Nikola Balaš is a PhD candidate in ethnology at the University of West Bohemia in Pilsen. In this post, he tells us about the best bookshops in Prague. If there’s a bookshop that you think other students and academics should visit when they’re undertaking research or visiting a city for a conference, find more information about contributing below.
The Czechs like to say that Prague is the most beautiful city in the world and indeed most residents of the city would share this sentiment. As a local moves closer to the centre of Prague, however, that sentiment can sour. The walk that takes you to The National Museum through to the Old Town Square, across the Charles Bridge, and up the Malá Strana to the Prague Castle, is lined with hordes of tourists and their usual vultures of trade: greedy taxi drivers, fake jewellers, gangs of pickpockets, and kitschy souvenir vendors. Lucky for the bibliophile though, Prague’s bookshops are convenient havens away from these hordes.
On Pštrossova Street is The Globe, a bookshop and bar. Known for being a popular spot for the city’s expat community – here shop assistants greet you with a “Hello” rather than the usual Czech greeting “Dobrý den” – The Globe was the first shop in Prague dedicated to English language books. It has a relatively modest collection, but its cosy interior is the perfect setting for whiling away an afternoon with a good book.
Just a block away from The Globe is Křemencova Street, popular with visitors looking to sample the U Fleků brewery’s sourish dark lager. Café Rybka sits at the end of this street and is owned by Rybka Publishers, a Czech publishing house. If The Globe was a bit too neat and too full of expats for you, then you’ll find Café Rybka pleasantly authentic. Here, time seems to have stood still: the faded furniture and smoking-friendly atmosphere is from another era. English speakers should know, however, that Café Rybka stocks only Czech books.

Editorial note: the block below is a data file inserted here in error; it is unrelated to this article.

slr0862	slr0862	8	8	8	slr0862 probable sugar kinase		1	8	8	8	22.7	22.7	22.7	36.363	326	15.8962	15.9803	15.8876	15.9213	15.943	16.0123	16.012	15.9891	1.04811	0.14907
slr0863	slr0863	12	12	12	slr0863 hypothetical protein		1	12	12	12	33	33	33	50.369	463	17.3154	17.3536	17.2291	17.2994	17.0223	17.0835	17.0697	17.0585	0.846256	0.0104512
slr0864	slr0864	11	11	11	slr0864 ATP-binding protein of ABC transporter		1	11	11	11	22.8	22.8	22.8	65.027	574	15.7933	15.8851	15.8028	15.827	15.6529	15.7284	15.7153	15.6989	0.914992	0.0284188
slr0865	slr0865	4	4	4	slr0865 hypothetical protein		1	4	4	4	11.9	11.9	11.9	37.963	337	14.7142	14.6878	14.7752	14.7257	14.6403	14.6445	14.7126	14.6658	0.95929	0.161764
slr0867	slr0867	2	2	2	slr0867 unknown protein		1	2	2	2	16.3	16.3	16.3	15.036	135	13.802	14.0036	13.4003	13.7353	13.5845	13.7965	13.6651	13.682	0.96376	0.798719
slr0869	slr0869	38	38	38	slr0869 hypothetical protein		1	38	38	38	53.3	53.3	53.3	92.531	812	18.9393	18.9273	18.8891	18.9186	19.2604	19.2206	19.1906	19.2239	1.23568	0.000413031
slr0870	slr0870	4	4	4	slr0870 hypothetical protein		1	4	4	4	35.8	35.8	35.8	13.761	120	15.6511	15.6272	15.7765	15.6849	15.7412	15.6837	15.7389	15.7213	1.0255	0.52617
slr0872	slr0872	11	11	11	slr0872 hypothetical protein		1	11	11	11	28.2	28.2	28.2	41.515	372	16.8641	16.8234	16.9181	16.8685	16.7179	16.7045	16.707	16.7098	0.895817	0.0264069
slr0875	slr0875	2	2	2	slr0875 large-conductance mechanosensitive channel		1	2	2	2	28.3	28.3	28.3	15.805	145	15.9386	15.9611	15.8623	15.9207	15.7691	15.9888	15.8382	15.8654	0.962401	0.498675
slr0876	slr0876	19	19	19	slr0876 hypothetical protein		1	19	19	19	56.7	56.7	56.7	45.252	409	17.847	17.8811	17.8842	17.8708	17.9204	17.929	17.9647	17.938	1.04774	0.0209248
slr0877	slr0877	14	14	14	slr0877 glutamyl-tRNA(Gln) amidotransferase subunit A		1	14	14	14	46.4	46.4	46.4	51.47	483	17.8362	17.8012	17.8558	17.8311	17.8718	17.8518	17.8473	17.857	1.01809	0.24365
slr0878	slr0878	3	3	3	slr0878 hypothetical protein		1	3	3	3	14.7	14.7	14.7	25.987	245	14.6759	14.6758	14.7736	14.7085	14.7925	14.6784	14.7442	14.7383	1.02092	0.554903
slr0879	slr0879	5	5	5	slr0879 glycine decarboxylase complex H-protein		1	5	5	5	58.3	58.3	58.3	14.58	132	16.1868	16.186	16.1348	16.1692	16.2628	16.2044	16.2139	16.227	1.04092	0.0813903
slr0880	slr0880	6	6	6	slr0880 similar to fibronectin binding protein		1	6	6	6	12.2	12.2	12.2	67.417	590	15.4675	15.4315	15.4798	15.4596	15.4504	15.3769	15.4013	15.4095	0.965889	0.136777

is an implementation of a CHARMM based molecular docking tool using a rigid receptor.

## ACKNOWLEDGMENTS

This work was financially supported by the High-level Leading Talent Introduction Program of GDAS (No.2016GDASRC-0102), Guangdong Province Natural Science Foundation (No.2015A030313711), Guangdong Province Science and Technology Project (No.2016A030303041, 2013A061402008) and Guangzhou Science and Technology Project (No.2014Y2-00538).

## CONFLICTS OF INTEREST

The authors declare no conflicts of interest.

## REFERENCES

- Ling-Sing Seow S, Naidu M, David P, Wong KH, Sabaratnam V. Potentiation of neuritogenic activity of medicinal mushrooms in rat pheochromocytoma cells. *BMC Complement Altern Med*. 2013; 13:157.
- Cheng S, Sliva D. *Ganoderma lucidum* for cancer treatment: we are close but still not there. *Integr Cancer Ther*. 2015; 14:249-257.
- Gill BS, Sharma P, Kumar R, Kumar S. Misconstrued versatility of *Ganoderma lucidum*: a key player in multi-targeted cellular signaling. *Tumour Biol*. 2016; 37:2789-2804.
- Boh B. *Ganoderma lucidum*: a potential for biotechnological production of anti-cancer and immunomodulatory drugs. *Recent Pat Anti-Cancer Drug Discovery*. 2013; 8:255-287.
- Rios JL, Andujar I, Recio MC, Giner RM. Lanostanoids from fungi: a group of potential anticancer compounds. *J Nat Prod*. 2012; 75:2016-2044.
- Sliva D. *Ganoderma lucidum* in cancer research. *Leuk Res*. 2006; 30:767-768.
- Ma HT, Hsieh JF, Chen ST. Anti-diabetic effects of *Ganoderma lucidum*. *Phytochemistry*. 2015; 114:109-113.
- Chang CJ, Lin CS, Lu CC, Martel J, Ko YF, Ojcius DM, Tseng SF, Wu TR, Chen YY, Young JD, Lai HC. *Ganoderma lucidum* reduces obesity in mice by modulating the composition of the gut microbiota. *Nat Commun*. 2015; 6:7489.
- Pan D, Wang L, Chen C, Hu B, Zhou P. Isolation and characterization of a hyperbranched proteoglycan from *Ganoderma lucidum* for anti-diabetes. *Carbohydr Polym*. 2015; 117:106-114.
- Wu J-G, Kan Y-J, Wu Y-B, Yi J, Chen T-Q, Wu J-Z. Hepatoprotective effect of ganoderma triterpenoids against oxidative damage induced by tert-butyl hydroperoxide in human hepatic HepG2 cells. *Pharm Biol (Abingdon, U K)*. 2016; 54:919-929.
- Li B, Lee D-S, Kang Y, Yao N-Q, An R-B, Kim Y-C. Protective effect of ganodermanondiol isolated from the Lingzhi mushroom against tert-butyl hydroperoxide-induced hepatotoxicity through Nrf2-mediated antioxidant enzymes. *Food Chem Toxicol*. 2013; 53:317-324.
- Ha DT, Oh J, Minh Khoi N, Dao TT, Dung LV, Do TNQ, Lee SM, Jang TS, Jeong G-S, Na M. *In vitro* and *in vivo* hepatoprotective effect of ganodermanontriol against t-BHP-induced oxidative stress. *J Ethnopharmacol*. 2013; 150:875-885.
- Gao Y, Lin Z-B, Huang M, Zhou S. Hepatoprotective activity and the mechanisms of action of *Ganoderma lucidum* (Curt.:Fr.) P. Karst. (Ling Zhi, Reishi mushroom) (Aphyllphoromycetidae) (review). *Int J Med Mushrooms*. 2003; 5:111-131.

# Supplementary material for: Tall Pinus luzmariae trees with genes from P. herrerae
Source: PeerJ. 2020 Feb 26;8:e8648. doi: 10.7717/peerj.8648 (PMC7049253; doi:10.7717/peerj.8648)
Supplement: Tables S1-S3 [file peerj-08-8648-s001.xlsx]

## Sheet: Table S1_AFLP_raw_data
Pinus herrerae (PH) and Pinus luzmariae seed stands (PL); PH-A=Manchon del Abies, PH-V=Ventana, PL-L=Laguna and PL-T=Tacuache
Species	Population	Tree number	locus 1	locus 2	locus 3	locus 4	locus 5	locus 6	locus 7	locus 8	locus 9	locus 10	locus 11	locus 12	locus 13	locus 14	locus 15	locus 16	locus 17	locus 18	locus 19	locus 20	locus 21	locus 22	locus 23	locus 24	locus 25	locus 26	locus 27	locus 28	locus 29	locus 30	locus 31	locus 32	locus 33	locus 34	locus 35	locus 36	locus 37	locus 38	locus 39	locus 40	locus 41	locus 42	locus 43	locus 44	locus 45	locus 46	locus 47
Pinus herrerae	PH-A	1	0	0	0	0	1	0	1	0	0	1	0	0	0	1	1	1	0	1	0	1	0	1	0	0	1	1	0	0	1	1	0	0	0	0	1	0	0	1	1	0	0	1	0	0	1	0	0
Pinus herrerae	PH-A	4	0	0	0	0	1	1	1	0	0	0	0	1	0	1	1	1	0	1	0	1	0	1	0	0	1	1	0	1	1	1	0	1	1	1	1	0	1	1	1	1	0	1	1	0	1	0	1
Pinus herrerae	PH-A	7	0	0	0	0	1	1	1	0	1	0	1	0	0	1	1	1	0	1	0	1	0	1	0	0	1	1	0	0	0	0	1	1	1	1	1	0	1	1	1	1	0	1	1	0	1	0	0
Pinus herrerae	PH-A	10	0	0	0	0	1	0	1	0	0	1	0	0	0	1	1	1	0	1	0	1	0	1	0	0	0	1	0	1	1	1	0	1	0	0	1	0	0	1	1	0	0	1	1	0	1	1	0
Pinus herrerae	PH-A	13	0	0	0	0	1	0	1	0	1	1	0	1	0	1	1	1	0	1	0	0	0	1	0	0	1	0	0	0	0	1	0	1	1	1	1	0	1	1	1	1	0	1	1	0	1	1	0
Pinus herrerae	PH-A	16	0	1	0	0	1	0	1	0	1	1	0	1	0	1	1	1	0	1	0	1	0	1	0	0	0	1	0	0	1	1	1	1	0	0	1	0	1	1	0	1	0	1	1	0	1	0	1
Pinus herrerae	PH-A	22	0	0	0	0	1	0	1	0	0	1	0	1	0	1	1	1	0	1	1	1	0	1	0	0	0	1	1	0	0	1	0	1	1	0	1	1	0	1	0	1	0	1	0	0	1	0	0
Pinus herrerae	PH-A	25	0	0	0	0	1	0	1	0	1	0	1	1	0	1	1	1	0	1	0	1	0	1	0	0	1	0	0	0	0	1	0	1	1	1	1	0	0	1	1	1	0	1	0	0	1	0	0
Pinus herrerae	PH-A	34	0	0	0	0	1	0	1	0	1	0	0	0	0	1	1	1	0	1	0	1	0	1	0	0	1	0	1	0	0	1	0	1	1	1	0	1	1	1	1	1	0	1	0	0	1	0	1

Shakespeare and Sons located at Malá Strana, has a wide selection of fiction and comic books, in addition to academic books in philosophy, history, politics, and gender studies. Some shelves are, not surprisingly, reserved for Shakespeare’s plays. The lower floor is a cool place to sit-out the hot Prague summers on one of their nice, comfy chairs.
Ouky Douky near Strossmayerovo náměstí is, like The Globe, a bookshop and bar crossbreed. Ouky Douky sells mostly Czech books although there are some shelves with paperback fiction in English. Ouky Douky has a distinct atmosphere – old carpets, used furniture and the scent of old books permeates the air of this place. It is a great bookshop to sit down, order a snack or a drink and ruminate about a trip to Prague spent immersed in books, far from the crowds.
Nikola Balaš is a PhD candidate in ethnology at the University of West Bohemia in Pilsen. He is interested in theory of social sciences and he also organizes an independent seminar for PhD students and postdoctoral researchers.
Do you have a favourite bookshop? If there’s a bookshop that you think other students and academics should visit when they’re undertaking research or visiting a city for a conference, then now’s your chance to tell us all about it.
As part of a new weekly feature on LSE Review of Books, we’re asking academics and students to recommend their favourite two or three bookshops in a particular city, with the aim of building an exciting online series for our book-loving community of readers the world over.
Bookshops could be academic, alternative, foreign language, hobby-based, secret or underground institutions, second hand outlets, or connected to a university. We’d like to cover all world regions too.
If something comes to mind, we’re looking for around 100 words per bookshop, detailing why this place is a must-see. Our editorial team can then find suitable photos and links to accompany the piece, though you’re welcome to supply these too. We only ask that you focus on just one city or region, and two or three bookshops within it.
Email us now if you’d like to contribute: email@example.com